asil Liddell Hart was arguably the 20th century’s finest military strategist. He described strategy in terms of ends, ways, and means, and in his book titled ‘Strategy’ became famous for “the indirect approach”. While you could say the title of his book lacks imagination, it gets straight to the point and captures the very essence of the 2018 Air Power Conference and associated Sir Richard Williams Foundation seminar. Defence conferences and seminars often promise a great deal but fail to deliver much more than update audiences on equipment programs, low value networking, and a dull consensus of ideas generated by like-minded souls talking in an echo chamber. The 2018 Air Power Conference themed around disruption and the Williams Foundation seminar on High Intensity Warfare provided an excellent blueprint for how things should be done. The perspectives from Russell Hill and visiting international Air Chiefs were integrated with those from Silicon Valley, international universities, strategic policy institutes, defence industry, NATO, and the media. The Conference and the seminar confirmed the challenges we face are global in nature, our threats have sophisticated and commercially available technology, and cyber attacks against our legitimate democratic institutions and critical infrastructure are now part of daily life for Australia and its partners. Bernard Salt provided a conference highlight, telling the story behind the statistics and the recent census, and painting the picture of who we are and what we are becoming as a nation. While the rest of the world continues to suffer the aftershocks of the global financial crisis, he explained why young Australians should be so optimistic and continue enjoying their “smashed avocados on toast”. Yet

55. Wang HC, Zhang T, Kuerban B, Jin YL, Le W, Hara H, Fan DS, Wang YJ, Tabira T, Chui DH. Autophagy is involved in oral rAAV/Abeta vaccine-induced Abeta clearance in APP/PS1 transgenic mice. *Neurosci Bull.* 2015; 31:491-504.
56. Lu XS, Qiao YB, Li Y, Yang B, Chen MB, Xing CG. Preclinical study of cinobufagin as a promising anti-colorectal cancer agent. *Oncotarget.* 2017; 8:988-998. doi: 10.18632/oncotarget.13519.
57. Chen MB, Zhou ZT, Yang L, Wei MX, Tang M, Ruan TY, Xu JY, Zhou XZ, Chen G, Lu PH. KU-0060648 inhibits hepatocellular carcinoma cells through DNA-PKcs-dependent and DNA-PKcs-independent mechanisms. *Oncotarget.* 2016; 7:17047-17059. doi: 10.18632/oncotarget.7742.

his central message was one of warning against complacency. The Air Power Conference was brilliantly organised by Chief of Air Force AIRMSHL ‘Leo’ Davies and his team at the Air Power Development Centre. The broader RAAF family were gracious hosts and were generous with their time and engagement. Yet despite the warm generosity and professionalism of the hosts, delegates still left the events feeling somewhat uncomfortable. While the Australian Government continues to provide both a consistent policy backdrop (the ends) and some of the best military capability money can buy (the means), the challenge is now to develop the ideas and the ‘ways’ we will achieve our national objectives. As former Prime Minister John Howard has often said “context is everything”. The strategic context in which Australia and its key allies must now make their national security choices is far from ideal. The legacy of the global financial crisis lingers and, when combined with two decades of fighting counterinsurgency wars means the US in particular is configured for efficiency rather than combat effectiveness. The US is currently having to fight with what it has rather than what it needs. Recovering the posture of its high-end warfighting capability will take time, time which our adversaries have been exploiting to their advantage and, to a greater degree, dictating the terms of the fight to come. If they choose to do so, history suggests our potential and actual adversaries will seize the opportunity with both hands, and take Liddell Hart’s indirect approach.

The element of surprise

Imagine the scenario if (when?) the USNorth Korea Summit ends in stalemate. Western Governments wait for Kim Jong Un’s next move with contingency planners assuming the tripwire for a US response